College Board at Odds

On January 19, the College Board announced the complete discontinuation of the SAT Subject Tests and the SAT Essay in correspondence with their goal of aiding students during a pandemic-era college admissions process. 


“As students and colleges adapt to new realities and changes to the college admissions process, College Board is making sure our programs adapt with them,” said the College Board, in a statement on their website. “We’re making some changes to reduce demands on students.”


Students currently registered for a forthcoming Subject Test in the U.S. will have their registration canceled and fees refunded immediately, while international students will still be allowed to take or register for Subject Tests until June 2021. All students who signed up for a SAT with the Essay portion will be able to test until June 2021, along with the option to cancel the Essay portion with no penalty fees. 


Allen Guo ’21, a student who has previously taken SAT Subject Tests, believes that the College Board’s actions may be detrimental to students if they do not simultaneously set alternatives for students to show skill in particular areas or subjects.


“I believe the College Board is taking a step back by quickly canceling the SAT Essay and Subject Tests,” Guo said. “Especially in highly competitive major-specific college applications, these subjects are a way to show skill and commitment in subjects beyond the scope of the standard multiple choice SAT test.”


For students like Guo, the test cancelations come across as immediate and unpredictable. Yet, there are people who think The College Board is making positive progress. Due to the inherent biases that many feel exist in standardized testing, the exams aren’t widely regarded as a reliable metric of a student’s learning capacity.


Anthony Reibel, Stevenson’s Assistant Principal for Teaching and Learning, believes that racial, geographic, and gender disparities are so prevalent within standardized test scores that they shouldn’t be used as a reliable metric of student learning and ability.


“By discontinuing these exams, the College Board is moving in the right direction,” Reibel said. “Eliminating certain aspects of standardized exams may lessen the reliance on these scores as principal indicators of student performance. It may help educators understand that service, authentic skill performance, and life experiences are better indicators of student learning.”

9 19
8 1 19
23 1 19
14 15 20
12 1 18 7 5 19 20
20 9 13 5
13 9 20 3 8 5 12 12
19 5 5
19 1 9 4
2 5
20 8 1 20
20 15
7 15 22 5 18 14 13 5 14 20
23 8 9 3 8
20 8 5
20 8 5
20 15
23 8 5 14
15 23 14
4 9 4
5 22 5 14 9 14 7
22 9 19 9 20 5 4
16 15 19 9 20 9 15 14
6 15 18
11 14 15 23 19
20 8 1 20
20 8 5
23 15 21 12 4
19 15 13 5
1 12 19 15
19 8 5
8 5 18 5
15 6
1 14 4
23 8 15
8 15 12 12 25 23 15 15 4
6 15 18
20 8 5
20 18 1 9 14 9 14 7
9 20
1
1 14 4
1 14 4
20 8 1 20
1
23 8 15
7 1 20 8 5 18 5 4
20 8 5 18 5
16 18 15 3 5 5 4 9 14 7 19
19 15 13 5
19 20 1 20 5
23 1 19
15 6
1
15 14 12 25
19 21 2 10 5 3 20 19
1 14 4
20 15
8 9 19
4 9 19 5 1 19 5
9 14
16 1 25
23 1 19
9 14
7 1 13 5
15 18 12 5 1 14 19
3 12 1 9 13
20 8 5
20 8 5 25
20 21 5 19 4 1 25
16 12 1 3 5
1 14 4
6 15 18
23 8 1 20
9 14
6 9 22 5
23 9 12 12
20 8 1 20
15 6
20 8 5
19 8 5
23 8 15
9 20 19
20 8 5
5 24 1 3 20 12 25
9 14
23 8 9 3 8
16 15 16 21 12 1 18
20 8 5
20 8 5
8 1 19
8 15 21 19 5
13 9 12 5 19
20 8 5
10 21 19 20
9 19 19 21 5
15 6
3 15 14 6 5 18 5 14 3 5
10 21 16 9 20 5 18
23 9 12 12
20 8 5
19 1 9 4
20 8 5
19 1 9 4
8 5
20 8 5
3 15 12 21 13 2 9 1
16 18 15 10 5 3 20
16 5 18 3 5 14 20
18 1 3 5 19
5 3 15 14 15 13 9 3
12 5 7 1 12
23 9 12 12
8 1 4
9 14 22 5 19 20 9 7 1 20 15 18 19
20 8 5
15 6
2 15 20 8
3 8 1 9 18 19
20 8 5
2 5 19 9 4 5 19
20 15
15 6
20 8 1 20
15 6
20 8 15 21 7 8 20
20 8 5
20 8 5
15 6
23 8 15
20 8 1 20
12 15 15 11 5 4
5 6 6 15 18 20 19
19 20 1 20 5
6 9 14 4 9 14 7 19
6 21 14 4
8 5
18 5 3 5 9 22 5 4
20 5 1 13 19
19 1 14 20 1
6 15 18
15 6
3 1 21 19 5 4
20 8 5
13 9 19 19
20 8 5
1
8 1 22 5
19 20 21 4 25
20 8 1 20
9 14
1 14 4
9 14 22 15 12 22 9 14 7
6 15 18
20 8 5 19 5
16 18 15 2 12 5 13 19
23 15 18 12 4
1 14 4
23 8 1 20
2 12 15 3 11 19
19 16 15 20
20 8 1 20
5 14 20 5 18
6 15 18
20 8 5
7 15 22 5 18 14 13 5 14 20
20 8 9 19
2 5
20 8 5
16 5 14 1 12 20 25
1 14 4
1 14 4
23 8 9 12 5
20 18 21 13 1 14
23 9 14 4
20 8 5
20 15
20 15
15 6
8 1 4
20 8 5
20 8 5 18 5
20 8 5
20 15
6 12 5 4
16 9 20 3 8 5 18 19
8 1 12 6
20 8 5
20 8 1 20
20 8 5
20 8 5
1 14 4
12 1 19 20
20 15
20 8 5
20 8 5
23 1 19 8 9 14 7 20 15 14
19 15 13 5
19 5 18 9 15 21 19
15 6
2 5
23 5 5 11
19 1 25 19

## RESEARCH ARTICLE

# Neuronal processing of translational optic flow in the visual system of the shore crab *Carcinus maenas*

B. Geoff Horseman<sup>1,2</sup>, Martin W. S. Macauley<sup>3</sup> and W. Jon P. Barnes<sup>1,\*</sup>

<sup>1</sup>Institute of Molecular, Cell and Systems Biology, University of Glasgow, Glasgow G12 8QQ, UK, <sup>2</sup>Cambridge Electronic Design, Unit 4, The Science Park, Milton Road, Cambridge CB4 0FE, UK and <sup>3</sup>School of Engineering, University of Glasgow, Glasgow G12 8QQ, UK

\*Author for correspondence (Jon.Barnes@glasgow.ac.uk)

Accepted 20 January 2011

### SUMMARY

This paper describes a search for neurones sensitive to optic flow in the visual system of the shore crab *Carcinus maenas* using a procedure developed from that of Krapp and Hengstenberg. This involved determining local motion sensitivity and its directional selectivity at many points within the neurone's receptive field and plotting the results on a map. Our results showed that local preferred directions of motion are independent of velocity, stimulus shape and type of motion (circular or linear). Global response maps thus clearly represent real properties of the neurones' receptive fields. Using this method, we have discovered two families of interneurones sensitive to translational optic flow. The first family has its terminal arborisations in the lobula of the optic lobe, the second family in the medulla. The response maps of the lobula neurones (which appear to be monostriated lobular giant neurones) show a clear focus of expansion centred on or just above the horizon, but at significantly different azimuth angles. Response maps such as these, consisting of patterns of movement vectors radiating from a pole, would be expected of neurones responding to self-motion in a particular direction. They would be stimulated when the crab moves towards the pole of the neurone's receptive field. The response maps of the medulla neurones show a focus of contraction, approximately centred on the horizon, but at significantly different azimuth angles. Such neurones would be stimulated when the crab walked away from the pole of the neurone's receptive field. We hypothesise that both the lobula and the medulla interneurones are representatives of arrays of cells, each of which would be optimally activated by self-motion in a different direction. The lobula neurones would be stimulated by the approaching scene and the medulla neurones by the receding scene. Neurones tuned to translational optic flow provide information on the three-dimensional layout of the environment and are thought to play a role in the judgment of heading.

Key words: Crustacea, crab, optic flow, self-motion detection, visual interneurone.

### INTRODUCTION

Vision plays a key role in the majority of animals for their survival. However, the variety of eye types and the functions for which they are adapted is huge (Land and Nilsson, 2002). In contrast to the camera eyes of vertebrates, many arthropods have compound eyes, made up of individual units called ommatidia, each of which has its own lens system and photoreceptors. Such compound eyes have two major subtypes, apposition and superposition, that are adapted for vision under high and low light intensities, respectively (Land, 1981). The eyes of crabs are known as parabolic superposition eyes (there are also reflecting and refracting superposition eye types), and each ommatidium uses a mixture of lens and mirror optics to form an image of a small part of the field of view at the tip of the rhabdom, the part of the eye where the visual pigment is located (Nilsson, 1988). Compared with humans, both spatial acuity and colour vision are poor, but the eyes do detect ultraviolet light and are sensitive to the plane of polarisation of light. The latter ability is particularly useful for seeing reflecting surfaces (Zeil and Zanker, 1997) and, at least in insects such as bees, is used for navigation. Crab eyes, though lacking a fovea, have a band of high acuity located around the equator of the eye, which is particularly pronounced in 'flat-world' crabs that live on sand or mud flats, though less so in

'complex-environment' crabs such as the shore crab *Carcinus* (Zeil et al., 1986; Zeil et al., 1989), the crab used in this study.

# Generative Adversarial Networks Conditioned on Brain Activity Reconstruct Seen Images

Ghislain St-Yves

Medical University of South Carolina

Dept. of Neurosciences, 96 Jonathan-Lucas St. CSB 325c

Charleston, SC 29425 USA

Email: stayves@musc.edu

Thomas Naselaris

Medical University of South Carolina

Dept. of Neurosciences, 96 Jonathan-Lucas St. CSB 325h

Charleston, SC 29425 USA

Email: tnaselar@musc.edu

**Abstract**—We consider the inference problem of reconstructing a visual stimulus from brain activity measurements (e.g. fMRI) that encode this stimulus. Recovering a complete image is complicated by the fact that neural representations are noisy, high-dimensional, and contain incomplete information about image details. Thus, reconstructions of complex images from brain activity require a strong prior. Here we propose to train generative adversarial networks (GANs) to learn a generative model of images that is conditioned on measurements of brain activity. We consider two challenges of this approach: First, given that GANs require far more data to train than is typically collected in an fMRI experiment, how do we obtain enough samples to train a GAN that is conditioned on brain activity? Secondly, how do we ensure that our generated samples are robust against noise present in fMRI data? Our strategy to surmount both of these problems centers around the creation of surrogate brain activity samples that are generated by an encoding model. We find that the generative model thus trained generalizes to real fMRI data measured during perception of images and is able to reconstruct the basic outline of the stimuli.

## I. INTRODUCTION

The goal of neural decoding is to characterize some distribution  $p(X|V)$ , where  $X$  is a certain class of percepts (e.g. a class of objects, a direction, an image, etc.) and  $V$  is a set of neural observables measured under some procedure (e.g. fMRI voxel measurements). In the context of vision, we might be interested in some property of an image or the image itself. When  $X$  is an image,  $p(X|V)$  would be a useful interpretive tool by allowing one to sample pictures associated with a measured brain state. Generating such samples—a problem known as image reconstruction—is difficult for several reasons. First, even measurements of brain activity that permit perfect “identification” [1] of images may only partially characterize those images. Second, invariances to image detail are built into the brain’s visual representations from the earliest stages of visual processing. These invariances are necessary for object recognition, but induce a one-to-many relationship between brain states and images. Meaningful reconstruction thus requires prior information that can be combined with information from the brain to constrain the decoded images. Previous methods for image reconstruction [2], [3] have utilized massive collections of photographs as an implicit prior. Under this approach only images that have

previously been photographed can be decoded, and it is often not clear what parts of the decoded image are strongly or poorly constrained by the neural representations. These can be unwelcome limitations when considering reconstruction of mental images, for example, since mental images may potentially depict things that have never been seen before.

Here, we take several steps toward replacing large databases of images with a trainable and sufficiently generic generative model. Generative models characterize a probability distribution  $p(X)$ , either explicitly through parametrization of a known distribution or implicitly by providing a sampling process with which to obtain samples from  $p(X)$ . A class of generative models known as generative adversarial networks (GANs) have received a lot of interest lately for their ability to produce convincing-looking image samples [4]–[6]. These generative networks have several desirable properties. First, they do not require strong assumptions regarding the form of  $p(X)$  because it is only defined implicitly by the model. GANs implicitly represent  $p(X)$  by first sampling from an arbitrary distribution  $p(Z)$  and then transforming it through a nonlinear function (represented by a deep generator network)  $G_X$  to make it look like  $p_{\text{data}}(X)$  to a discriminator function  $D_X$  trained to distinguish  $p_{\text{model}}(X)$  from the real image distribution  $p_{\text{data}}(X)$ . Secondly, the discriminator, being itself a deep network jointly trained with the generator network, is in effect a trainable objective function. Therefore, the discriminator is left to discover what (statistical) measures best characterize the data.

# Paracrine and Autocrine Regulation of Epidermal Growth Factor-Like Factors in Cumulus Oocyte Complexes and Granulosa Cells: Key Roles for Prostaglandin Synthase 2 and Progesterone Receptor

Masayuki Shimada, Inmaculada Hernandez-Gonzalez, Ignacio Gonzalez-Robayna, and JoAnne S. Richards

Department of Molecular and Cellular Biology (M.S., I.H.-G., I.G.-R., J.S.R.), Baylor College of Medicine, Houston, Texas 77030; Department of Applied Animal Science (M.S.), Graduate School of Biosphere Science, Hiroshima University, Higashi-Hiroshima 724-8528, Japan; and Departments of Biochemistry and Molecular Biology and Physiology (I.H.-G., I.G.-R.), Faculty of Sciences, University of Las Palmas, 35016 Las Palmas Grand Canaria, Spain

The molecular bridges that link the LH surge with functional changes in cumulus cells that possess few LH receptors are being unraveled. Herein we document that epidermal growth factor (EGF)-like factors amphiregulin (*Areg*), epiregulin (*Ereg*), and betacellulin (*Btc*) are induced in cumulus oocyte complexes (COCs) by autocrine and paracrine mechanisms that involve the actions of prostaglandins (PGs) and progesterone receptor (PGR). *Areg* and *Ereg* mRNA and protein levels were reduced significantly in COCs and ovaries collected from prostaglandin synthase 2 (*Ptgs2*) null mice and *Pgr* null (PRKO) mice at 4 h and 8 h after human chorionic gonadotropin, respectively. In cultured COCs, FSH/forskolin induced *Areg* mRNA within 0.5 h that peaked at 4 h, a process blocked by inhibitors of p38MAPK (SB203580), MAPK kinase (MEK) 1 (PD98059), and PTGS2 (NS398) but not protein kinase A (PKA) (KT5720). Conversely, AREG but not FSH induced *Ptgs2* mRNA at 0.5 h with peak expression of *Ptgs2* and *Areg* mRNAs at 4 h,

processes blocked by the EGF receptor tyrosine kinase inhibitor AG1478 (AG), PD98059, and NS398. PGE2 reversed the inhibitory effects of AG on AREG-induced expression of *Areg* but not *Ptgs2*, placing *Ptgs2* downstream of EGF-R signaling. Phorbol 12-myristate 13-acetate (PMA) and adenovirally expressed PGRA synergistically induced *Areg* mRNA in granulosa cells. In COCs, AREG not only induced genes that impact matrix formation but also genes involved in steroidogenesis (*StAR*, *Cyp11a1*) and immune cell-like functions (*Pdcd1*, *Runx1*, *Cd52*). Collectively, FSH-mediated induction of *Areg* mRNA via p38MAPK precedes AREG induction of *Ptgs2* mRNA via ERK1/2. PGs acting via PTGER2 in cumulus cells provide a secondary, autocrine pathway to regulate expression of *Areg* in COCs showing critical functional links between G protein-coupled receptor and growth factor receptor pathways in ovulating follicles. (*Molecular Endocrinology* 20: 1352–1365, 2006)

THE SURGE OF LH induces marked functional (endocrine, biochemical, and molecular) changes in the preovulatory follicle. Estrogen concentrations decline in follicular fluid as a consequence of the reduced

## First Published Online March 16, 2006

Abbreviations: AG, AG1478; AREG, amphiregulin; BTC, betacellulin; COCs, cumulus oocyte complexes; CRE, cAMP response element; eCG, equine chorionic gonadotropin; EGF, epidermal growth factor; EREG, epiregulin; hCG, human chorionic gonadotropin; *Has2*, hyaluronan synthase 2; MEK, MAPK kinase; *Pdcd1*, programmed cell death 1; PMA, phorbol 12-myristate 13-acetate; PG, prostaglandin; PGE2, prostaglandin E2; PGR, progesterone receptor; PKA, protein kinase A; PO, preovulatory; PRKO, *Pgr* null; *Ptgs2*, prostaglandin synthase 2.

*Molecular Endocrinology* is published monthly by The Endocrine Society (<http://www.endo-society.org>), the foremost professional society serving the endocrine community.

Staff who help students with college admissions at Stevenson’s College Career Center (CCC)  agreed. Sara English, a CCC post-secondary counselor, believes that the removal of the SAT Essay portion was the proper decision to make.


I think this is beneficial and appropriate to be removed,” English said. “Most colleges have not been using this score, and have not required it for admission. Most schools feel that putting much value in a quickly written prompt at the end of several hours of testing is not an accurate depiction of a student’s ability.”


With the removal of the Essay portion and the Subject Tests, more weight might be placed on other standardized tests such as AP Tests or the other sections of the SAT. Ultimately, the removal of the SAT Essay and Subject Tests might hint towards the end of standardized testing as a whole, as more and more colleges are removing standardized testing requirements. 


“We are seeing a wave of schools starting to go test-blind, which means they will not consider a test score Cal Tech’s 2-year trial, the University of California system, and Northern Illinois University are a few,” English said. “I think we are still at the very beginning of this, and the writing isn’t on the wall, but I think the next few years will be pivotal in standardized testing.”


Even before the College Board’s announcement, many college and testing experts like English and Reibel consider removal of the Subject Tests and Essay portion a notable step towards making the college admissions process more equitable, universal and holistically oriented. Ultimately, they feel that students are more than just a number on a test. 


“The keyword is ‘potential.’ The dictionary defines potential as, ‘Showing the capacity to become or develop into something in the future,’” Reibel said. “This definition is important because, in my opinion, standardized exams do not provide evidence of potential. They provide evidence of performance in that particular moment. Academic institutions and organizations must understand that students are more than test scores. Each student is a complex, colorful, and ever-changing individual who should be respected as such, in all aspects of our society, most importantly in college admissions.”